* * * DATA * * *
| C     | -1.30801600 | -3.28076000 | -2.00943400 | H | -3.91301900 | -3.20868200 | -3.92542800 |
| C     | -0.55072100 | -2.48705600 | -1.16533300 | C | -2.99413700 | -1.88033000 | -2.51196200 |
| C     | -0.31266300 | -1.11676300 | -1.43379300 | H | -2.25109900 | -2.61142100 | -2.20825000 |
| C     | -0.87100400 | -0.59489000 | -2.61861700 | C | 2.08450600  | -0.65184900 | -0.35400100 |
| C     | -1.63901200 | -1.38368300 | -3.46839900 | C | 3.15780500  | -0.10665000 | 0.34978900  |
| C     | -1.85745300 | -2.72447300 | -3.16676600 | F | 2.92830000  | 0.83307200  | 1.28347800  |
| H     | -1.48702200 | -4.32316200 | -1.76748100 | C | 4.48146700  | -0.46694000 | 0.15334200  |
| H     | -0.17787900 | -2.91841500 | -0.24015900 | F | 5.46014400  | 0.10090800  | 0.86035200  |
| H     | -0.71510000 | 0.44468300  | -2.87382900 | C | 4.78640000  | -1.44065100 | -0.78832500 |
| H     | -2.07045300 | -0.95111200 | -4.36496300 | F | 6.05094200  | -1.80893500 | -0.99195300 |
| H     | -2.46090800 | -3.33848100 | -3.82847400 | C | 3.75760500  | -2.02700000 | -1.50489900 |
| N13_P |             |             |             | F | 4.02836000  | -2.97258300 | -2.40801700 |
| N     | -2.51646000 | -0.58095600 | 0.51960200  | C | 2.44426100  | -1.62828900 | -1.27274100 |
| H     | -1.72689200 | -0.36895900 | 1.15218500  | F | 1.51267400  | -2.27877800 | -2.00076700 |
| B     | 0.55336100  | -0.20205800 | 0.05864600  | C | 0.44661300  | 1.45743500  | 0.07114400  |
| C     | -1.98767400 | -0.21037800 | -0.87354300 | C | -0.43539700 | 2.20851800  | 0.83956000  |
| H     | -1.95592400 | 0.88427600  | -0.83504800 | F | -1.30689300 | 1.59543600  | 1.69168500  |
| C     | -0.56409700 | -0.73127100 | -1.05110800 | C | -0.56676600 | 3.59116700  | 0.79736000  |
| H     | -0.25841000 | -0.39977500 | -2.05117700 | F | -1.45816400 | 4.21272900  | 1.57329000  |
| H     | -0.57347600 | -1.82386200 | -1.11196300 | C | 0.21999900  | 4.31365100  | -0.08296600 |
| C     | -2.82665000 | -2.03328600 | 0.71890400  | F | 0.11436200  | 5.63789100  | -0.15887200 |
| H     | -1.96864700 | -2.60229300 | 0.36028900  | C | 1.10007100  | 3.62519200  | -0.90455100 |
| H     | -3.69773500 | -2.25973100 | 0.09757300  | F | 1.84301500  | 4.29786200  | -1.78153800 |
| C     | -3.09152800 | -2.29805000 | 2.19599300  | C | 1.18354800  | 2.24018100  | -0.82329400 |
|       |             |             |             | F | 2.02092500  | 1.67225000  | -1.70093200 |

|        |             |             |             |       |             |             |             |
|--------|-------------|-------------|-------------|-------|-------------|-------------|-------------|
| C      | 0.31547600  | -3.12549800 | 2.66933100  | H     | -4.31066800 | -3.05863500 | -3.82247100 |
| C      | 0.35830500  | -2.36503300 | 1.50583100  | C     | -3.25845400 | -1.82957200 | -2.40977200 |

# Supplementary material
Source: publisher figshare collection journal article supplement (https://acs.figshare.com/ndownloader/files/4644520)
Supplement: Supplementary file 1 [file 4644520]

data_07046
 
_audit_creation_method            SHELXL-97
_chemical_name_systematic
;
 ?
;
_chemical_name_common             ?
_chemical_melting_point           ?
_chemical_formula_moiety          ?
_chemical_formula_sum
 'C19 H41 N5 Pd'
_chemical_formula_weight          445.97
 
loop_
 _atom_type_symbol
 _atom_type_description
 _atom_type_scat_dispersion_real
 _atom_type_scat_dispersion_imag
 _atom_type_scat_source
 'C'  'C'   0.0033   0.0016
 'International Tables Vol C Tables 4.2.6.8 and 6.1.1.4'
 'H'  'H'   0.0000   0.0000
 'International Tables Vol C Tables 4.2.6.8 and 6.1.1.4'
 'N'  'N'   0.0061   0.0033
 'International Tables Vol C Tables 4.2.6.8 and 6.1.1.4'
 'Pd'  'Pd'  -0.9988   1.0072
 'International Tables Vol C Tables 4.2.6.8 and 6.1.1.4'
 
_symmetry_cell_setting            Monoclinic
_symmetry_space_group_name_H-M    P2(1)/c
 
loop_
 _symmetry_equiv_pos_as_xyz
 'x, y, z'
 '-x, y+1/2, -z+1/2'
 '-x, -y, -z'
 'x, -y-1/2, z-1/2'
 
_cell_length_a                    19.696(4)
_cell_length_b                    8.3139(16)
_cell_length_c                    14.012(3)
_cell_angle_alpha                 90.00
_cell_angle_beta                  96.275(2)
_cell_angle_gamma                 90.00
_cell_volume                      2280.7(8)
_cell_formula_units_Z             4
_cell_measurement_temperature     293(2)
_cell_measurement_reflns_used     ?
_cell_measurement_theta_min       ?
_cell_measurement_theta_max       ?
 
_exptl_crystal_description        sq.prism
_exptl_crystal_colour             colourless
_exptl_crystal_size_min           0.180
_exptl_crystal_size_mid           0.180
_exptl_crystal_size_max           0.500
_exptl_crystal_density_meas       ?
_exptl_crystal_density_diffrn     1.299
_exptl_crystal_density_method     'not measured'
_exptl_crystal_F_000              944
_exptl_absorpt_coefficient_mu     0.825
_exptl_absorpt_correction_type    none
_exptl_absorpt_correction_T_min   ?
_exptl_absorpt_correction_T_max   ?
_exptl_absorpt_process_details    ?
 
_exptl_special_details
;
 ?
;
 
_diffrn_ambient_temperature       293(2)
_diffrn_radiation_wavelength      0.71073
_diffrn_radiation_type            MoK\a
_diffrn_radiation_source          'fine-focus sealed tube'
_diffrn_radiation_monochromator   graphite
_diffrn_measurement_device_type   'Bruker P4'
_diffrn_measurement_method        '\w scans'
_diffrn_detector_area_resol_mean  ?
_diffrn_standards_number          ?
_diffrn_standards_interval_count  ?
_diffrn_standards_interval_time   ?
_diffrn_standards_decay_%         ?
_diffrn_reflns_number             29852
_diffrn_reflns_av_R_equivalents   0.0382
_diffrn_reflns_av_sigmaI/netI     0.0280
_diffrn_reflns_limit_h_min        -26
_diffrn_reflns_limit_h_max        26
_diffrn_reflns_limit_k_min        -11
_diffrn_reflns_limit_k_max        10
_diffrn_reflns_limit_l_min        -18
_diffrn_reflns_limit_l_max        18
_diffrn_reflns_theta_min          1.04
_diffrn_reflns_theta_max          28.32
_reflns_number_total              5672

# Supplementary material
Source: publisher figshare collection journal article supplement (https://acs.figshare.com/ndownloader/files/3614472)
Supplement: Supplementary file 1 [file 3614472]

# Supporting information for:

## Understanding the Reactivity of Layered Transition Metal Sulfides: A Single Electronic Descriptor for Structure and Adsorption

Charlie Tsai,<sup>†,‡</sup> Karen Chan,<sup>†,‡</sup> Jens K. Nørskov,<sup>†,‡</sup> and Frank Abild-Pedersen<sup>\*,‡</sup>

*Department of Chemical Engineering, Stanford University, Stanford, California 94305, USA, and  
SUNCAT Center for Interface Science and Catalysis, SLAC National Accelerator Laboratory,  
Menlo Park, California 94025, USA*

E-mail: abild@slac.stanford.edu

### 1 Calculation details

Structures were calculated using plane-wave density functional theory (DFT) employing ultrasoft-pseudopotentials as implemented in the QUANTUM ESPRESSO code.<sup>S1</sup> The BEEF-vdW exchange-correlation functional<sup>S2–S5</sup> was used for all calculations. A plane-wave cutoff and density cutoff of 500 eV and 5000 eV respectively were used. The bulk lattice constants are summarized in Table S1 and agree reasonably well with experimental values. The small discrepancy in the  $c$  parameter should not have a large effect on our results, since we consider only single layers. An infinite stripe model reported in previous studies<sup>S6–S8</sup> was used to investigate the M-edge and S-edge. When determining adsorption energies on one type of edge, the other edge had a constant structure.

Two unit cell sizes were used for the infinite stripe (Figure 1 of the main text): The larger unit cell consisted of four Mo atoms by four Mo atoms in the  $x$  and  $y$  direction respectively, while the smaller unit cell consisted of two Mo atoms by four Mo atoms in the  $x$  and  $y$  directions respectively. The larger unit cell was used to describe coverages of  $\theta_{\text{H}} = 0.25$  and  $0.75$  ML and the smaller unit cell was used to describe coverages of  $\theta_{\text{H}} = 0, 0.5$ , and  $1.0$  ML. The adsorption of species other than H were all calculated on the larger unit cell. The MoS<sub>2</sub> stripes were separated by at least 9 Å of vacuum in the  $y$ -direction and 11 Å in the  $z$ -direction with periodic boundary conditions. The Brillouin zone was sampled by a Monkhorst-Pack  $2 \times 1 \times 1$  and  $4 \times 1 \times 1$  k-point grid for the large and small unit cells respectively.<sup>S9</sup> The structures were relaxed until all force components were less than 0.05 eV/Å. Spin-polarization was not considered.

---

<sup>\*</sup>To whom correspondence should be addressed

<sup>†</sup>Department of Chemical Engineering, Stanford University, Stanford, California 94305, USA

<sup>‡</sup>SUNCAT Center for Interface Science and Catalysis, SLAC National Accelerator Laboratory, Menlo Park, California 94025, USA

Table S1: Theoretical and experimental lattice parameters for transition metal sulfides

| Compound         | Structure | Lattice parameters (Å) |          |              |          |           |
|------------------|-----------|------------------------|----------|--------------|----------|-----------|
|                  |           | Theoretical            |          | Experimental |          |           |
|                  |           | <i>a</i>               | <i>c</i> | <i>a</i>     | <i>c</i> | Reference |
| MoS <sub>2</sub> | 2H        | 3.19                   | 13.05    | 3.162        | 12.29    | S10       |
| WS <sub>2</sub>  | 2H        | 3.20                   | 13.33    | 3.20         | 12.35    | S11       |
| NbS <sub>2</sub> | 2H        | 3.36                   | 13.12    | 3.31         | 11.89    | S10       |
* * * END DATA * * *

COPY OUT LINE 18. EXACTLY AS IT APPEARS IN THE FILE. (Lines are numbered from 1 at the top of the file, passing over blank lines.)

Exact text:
| C     | -0.56409700 | -0.73127100 | -1.05110800 | C | -0.56676600 | 3.59116700  | 0.79736000  |